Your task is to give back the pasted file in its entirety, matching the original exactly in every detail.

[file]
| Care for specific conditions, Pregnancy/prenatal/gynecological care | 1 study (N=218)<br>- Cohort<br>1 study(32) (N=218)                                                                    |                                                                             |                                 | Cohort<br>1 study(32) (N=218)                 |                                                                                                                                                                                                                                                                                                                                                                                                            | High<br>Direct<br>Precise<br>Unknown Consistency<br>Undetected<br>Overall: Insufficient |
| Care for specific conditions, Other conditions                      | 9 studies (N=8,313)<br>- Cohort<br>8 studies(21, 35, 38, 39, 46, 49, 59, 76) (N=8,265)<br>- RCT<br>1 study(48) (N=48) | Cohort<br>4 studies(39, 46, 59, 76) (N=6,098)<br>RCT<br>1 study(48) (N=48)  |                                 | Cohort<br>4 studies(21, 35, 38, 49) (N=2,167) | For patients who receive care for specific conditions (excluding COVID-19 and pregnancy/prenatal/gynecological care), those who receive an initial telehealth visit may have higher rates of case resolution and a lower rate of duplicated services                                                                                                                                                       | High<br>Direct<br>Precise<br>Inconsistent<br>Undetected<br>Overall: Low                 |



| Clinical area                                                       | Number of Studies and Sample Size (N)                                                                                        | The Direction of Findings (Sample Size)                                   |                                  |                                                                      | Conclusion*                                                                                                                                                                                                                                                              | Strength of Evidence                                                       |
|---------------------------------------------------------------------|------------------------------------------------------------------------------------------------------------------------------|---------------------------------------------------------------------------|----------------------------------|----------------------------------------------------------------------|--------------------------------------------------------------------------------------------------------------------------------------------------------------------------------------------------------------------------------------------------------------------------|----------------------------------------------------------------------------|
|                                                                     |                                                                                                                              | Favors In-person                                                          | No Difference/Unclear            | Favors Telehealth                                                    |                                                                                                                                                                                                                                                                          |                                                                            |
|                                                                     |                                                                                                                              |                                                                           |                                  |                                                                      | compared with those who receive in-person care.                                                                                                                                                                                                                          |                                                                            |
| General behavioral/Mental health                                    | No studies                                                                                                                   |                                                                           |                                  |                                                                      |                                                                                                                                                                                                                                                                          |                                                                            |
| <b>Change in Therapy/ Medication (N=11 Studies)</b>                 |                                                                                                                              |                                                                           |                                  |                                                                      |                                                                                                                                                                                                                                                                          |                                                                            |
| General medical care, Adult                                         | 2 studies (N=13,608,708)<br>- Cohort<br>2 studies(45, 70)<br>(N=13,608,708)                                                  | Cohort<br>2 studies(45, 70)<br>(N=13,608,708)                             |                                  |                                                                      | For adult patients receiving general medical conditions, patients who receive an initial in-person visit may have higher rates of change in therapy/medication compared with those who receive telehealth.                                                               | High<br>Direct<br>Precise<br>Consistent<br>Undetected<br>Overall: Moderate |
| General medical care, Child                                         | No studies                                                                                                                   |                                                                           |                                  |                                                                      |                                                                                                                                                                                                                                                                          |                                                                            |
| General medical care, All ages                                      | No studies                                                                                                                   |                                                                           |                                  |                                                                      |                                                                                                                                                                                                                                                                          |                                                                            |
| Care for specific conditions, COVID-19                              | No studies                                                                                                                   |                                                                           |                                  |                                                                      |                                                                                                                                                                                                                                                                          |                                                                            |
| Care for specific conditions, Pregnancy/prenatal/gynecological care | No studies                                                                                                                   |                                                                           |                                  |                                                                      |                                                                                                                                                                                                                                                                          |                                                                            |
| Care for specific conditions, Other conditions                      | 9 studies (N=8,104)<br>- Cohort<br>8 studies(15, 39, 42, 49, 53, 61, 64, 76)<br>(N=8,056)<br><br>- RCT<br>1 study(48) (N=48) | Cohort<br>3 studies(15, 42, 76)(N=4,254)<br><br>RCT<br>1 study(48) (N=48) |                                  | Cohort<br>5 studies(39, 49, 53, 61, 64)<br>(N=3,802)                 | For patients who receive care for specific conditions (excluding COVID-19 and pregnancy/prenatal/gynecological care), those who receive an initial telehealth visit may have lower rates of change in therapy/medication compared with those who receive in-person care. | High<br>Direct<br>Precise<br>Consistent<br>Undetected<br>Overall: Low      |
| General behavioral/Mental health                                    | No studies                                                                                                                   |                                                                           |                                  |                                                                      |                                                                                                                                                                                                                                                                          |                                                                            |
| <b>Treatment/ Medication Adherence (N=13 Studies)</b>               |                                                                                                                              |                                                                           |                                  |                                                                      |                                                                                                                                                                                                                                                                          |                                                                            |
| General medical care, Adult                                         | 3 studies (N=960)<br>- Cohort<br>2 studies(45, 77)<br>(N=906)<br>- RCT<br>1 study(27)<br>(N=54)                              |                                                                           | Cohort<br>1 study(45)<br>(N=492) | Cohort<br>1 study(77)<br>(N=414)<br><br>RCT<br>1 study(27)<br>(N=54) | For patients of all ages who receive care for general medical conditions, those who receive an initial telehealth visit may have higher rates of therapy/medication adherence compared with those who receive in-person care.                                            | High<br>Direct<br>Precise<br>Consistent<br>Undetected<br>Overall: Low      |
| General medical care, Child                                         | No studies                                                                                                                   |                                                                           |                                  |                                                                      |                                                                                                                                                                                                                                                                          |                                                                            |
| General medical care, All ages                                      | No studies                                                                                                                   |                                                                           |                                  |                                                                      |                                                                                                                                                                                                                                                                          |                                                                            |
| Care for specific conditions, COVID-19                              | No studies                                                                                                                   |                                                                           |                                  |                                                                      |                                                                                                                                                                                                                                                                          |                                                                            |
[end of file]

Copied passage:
| Care for specific conditions, Pregnancy/prenatal/gynecological care | 1 study (N=218)<br>- Cohort<br>1 study(32) (N=218)                                                                    |                                                                             |                                 | Cohort<br>1 study(32) (N=218)                 |                                                                                                                                                                                                                                                                                                                                                                                                            | High<br>Direct<br>Precise<br>Unknown Consistency<br>Undetected<br>Overall: Insufficient |
| Care for specific conditions, Other conditions                      | 9 studies (N=8,313)<br>- Cohort<br>8 studies(21, 35, 38, 39, 46, 49, 59, 76) (N=8,265)<br>- RCT<br>1 study(48) (N=48) | Cohort<br>4 studies(39, 46, 59, 76) (N=6,098)<br>RCT<br>1 study(48) (N=48)  |                                 | Cohort<br>4 studies(21, 35, 38, 49) (N=2,167) | For patients who receive care for specific conditions (excluding COVID-19 and pregnancy/prenatal/gynecological care), those who receive an initial telehealth visit may have higher rates of case resolution and a lower rate of duplicated services                                                                                                                                                       | High<br>Direct<br>Precise<br>Inconsistent<br>Undetected<br>Overall: Low                 |



| Clinical area                                                       | Number of Studies and Sample Size (N)                                                                                        | The Direction of Findings (Sample Size)                                   |                                  |                                                                      | Conclusion*                                                                                                                                                                                                                                                              | Strength of Evidence                                                       |
|---------------------------------------------------------------------|------------------------------------------------------------------------------------------------------------------------------|---------------------------------------------------------------------------|----------------------------------|----------------------------------------------------------------------|--------------------------------------------------------------------------------------------------------------------------------------------------------------------------------------------------------------------------------------------------------------------------|----------------------------------------------------------------------------|
|                                                                     |                                                                                                                              | Favors In-person                                                          | No Difference/Unclear            | Favors Telehealth                                                    |                                                                                                                                                                                                                                                                          |                                                                            |
|                                                                     |                                                                                                                              |                                                                           |                                  |                                                                      | compared with those who receive in-person care.                                                                                                                                                                                                                          |                                                                            |
| General behavioral/Mental health                                    | No studies                                                                                                                   |                                                                           |                                  |                                                                      |                                                                                                                                                                                                                                                                          |                                                                            |
| <b>Change in Therapy/ Medication (N=11 Studies)</b>                 |                                                                                                                              |                                                                           |                                  |                                                                      |                                                                                                                                                                                                                                                                          |                                                                            |
| General medical care, Adult                                         | 2 studies (N=13,608,708)<br>- Cohort<br>2 studies(45, 70)<br>(N=13,608,708)                                                  | Cohort<br>2 studies(45, 70)<br>(N=13,608,708)                             |                                  |                                                                      | For adult patients receiving general medical conditions, patients who receive an initial in-person visit may have higher rates of change in therapy/medication compared with those who receive telehealth.                                                               | High<br>Direct<br>Precise<br>Consistent<br>Undetected<br>Overall: Moderate |
| General medical care, Child                                         | No studies                                                                                                                   |                                                                           |                                  |                                                                      |                                                                                                                                                                                                                                                                          |                                                                            |
| General medical care, All ages                                      | No studies                                                                                                                   |                                                                           |                                  |                                                                      |                                                                                                                                                                                                                                                                          |                                                                            |
| Care for specific conditions, COVID-19                              | No studies                                                                                                                   |                                                                           |                                  |                                                                      |                                                                                                                                                                                                                                                                          |                                                                            |
| Care for specific conditions, Pregnancy/prenatal/gynecological care | No studies                                                                                                                   |                                                                           |                                  |                                                                      |                                                                                                                                                                                                                                                                          |                                                                            |
| Care for specific conditions, Other conditions                      | 9 studies (N=8,104)<br>- Cohort<br>8 studies(15, 39, 42, 49, 53, 61, 64, 76)<br>(N=8,056)<br><br>- RCT<br>1 study(48) (N=48) | Cohort<br>3 studies(15, 42, 76)(N=4,254)<br><br>RCT<br>1 study(48) (N=48) |                                  | Cohort<br>5 studies(39, 49, 53, 61, 64)<br>(N=3,802)                 | For patients who receive care for specific conditions (excluding COVID-19 and pregnancy/prenatal/gynecological care), those who receive an initial telehealth visit may have lower rates of change in therapy/medication compared with those who receive in-person care. | High<br>Direct<br>Precise<br>Consistent<br>Undetected<br>Overall: Low      |
| General behavioral/Mental health                                    | No studies                                                                                                                   |                                                                           |                                  |                                                                      |                                                                                                                                                                                                                                                                          |                                                                            |
| <b>Treatment/ Medication Adherence (N=13 Studies)</b>               |                                                                                                                              |                                                                           |                                  |                                                                      |                                                                                                                                                                                                                                                                          |                                                                            |
| General medical care, Adult                                         | 3 studies (N=960)<br>- Cohort<br>2 studies(45, 77)<br>(N=906)<br>- RCT<br>1 study(27)<br>(N=54)                              |                                                                           | Cohort<br>1 study(45)<br>(N=492) | Cohort<br>1 study(77)<br>(N=414)<br><br>RCT<br>1 study(27)<br>(N=54) | For patients of all ages who receive care for general medical conditions, those who receive an initial telehealth visit may have higher rates of therapy/medication adherence compared with those who receive in-person care.                                            | High<br>Direct<br>Precise<br>Consistent<br>Undetected<br>Overall: Low      |
| General medical care, Child                                         | No studies                                                                                                                   |                                                                           |                                  |                                                                      |                                                                                                                                                                                                                                                                          |                                                                            |
| General medical care, All ages                                      | No studies                                                                                                                   |                                                                           |                                  |                                                                      |                                                                                                                                                                                                                                                                          |                                                                            |
| Care for specific conditions, COVID-19                              | No studies                                                                                                                   |                                                                           |                                  |                                                                      |                                                                                                                                                                                                                                                                          |                                                                            |